This Weekend at Wigtown Book Festival

4 October 2019

What a line up - Gavin Esler (Brexit Without the Bullshit), Jackie Morris (The Lost Words), Carol Drinkwater (The House on the Edge of the Cliff), Geoffrey Robertson QC (Rather His On Man) and Tony Laithwaite (Direct).

The festival has superb variety of guests over the weekend talking about everything from current affairs and celebrity court cases through to our relationship with nature, new fiction and the wine trade.

After welcoming FM Nicola Sturgeon in 2018 we have Ruth Davidson MSP, who was until recently the leader of the Scottish Tories, joining us this year and talking about her book Yes She Can.

Tickets have already sold out for her event – but we caught up with her for a quick Q&A covering some of the topics that could well come up.

Q) What were your favourite books and authors as a girl and young adult?

A) As a young child, I loved Enid Blyton and all the Hardy Boys and Black Stallion books. As I got a bit older I loved To Kill a Mocking Bird by Harper Lee (and still love it) and the plays A Man for All Seasons by Robert Bolt and Shakespeare’s Henry V. I guess the thematic link between them (the last three – not the Famous Five/Secret Seven) is moral courage and doing what’s right, knowing that there will be a personal cost.

Q) If an aspiring Conservative politician asked your advice on books to read that would prepare them for the experience what would you recommend and why?

A) I don’t think there’s any set text for preparing someone for elected office. However, if I was advising people to read, it wouldn’t be a pile of political autobiographies – that’s akin to old generals fighting the last war.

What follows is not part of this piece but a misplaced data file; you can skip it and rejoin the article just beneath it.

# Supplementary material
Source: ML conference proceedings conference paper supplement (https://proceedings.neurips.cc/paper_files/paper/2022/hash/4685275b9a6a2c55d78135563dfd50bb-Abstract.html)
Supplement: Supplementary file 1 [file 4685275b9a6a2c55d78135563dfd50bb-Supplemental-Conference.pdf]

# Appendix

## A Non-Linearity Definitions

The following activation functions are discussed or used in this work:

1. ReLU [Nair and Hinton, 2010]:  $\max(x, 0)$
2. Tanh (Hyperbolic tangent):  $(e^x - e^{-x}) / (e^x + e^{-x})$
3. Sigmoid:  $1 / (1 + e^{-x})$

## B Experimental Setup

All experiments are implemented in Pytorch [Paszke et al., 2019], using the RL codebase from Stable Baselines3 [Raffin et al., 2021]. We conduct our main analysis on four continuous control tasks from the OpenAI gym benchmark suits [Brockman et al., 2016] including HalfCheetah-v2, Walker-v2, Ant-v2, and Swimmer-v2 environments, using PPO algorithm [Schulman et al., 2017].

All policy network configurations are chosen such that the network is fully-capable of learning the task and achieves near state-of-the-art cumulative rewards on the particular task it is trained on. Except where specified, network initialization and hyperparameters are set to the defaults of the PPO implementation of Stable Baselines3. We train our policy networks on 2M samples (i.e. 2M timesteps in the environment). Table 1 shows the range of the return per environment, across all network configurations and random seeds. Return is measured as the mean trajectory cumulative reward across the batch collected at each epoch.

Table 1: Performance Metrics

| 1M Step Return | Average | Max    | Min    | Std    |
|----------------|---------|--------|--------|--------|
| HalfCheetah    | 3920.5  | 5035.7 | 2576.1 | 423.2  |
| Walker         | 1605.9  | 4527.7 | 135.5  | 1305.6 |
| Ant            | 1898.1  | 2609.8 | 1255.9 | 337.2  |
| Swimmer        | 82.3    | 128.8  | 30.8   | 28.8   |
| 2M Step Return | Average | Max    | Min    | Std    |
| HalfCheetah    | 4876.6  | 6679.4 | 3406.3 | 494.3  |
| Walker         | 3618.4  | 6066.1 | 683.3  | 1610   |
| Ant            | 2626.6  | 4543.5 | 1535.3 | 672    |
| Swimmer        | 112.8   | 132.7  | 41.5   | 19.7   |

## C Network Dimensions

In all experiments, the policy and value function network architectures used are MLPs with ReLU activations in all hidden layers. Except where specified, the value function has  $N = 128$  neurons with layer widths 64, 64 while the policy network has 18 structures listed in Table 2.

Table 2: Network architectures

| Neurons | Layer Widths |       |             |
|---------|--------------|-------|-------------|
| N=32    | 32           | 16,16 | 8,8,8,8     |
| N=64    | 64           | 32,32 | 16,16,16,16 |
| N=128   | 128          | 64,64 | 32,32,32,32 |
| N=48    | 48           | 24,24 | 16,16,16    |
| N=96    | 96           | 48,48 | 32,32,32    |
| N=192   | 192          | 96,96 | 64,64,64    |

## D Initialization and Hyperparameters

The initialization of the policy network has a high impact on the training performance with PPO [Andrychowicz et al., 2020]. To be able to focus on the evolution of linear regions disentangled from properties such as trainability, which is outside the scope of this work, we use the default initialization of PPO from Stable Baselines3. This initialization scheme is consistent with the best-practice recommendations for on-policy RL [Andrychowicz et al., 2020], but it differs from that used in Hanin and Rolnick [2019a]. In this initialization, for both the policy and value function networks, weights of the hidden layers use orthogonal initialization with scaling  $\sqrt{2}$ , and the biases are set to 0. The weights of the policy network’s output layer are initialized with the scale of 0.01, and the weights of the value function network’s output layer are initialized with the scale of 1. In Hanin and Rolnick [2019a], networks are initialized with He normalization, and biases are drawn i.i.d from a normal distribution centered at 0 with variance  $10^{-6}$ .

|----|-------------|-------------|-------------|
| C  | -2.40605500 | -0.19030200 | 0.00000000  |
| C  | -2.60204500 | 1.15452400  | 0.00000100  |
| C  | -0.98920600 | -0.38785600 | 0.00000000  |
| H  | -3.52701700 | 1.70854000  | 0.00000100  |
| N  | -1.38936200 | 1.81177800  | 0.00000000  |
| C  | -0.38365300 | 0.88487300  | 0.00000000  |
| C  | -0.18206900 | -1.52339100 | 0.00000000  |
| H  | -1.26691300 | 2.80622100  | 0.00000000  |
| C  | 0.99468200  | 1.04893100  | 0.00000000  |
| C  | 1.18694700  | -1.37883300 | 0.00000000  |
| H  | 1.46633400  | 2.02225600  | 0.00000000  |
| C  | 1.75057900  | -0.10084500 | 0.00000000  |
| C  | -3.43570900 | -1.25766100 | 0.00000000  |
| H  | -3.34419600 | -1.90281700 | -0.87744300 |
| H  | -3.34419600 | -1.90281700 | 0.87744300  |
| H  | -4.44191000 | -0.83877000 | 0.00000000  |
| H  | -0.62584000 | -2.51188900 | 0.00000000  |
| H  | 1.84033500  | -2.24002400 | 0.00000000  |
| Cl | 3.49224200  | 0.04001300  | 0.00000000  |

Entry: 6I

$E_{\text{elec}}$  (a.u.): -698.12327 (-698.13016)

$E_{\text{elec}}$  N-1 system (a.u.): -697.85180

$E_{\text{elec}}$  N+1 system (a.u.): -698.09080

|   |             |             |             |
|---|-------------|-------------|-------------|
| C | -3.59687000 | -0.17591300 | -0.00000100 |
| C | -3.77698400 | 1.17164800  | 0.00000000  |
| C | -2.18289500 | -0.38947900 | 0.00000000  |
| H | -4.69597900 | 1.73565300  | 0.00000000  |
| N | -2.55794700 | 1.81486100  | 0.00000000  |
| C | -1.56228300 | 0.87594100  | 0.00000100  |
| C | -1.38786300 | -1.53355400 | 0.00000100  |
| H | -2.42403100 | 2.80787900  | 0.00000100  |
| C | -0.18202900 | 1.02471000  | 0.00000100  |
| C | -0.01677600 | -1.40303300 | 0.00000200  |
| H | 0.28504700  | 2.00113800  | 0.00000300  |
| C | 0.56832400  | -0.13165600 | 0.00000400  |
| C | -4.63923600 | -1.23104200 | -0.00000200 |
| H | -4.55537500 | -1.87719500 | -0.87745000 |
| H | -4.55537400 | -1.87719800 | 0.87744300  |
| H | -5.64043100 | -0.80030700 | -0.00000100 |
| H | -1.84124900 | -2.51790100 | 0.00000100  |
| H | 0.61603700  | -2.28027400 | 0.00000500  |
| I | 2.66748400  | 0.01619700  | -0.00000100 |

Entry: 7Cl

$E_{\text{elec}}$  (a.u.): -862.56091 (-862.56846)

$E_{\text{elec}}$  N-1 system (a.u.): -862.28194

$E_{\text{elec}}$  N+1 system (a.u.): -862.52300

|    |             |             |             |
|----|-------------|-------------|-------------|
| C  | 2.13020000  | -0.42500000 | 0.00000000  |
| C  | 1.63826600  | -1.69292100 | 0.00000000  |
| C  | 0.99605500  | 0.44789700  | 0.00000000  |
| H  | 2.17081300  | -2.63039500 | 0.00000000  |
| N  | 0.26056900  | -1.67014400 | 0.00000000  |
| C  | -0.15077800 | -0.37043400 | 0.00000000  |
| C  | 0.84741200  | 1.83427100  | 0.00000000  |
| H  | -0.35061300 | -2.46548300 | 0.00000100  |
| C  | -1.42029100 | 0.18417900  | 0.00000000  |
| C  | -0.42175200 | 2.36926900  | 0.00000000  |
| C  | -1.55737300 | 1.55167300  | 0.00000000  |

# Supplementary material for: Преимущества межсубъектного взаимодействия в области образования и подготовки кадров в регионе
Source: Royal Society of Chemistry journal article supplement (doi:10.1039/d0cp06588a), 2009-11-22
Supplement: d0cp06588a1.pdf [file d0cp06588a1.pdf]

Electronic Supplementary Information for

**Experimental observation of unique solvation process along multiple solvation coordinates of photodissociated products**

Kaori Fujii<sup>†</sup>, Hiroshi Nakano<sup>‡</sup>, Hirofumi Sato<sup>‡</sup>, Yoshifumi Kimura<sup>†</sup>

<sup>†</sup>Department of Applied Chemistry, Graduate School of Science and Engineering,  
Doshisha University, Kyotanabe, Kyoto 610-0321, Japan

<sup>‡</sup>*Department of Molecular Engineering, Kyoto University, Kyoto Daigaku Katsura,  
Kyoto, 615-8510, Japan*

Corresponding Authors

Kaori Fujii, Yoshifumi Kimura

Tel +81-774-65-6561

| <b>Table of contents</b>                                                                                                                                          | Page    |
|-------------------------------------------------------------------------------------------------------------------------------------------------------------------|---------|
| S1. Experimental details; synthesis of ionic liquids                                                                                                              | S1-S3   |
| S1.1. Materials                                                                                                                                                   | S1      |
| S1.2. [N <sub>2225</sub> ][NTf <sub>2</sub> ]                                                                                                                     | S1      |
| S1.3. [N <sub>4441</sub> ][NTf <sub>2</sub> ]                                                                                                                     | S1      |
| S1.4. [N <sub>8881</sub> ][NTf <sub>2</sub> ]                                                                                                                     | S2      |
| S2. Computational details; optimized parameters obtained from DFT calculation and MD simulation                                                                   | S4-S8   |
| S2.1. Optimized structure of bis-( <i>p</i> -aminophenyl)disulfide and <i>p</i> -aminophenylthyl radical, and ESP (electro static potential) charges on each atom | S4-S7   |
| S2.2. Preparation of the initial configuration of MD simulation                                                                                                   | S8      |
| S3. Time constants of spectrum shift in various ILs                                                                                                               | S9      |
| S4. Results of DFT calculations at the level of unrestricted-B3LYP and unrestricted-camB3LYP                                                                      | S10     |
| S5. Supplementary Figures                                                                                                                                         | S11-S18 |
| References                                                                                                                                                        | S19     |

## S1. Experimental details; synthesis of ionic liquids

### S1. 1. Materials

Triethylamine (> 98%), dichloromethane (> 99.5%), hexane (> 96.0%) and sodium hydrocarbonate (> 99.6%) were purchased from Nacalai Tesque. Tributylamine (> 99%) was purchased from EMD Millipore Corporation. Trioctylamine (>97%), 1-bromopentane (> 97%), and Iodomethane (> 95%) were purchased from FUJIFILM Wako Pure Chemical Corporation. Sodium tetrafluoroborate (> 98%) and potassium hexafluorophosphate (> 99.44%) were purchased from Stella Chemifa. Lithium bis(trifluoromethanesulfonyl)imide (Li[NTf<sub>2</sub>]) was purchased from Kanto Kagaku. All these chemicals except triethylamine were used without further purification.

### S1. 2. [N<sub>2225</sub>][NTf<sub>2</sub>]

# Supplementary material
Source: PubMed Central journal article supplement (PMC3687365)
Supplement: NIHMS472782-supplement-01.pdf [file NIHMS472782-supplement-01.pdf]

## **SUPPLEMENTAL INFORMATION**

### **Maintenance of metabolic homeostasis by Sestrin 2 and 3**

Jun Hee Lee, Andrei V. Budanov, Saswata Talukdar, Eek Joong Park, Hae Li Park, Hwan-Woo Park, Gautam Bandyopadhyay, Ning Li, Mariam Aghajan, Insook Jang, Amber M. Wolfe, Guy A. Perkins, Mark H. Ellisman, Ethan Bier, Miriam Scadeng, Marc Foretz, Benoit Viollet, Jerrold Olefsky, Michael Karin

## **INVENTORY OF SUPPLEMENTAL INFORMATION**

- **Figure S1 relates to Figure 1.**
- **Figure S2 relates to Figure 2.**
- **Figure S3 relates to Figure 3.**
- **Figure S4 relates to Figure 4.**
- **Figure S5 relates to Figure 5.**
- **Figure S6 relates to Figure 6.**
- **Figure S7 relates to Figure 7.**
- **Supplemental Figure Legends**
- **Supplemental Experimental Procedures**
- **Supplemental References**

I’d suggest that people read widely on issues that they are interested in or know that they aren’t well versed on – so, for example, Paul Collier’s the Bottom Billion, discussing international development, or Darren McGarvey’s Poverty Safari on poverty and welfare. It’s not necessarily about finding voices you instinctively agree with, it’s allowing yourself to be challenged and being open to learning and adapting your thinking.

Q) Are you planning to write any more books yourself at any time - if so what, fiction or non-fiction? Or is there perhaps an authorised biography in the offing?

A) I loved interviewing the women in my book – loved it. As both a journalist and a politician, I’ve always enjoyed hearing people’s stories. The actual writing of the book, I found more of a struggle than perhaps I should have, as someone who regularly writes thousands of words in newspaper columns and political speeches. I really had to sweat over the words as books are more … permanent. So while I don’t have any immediate plans to relive the experience, perhaps, like childbirth, the memory of the pain fades and I’ll be ready for a baby brother or sister to Yes She Can in time.

  • Though the tickets have all been snapped up for this event, there are a multitude of other things to enjoy. See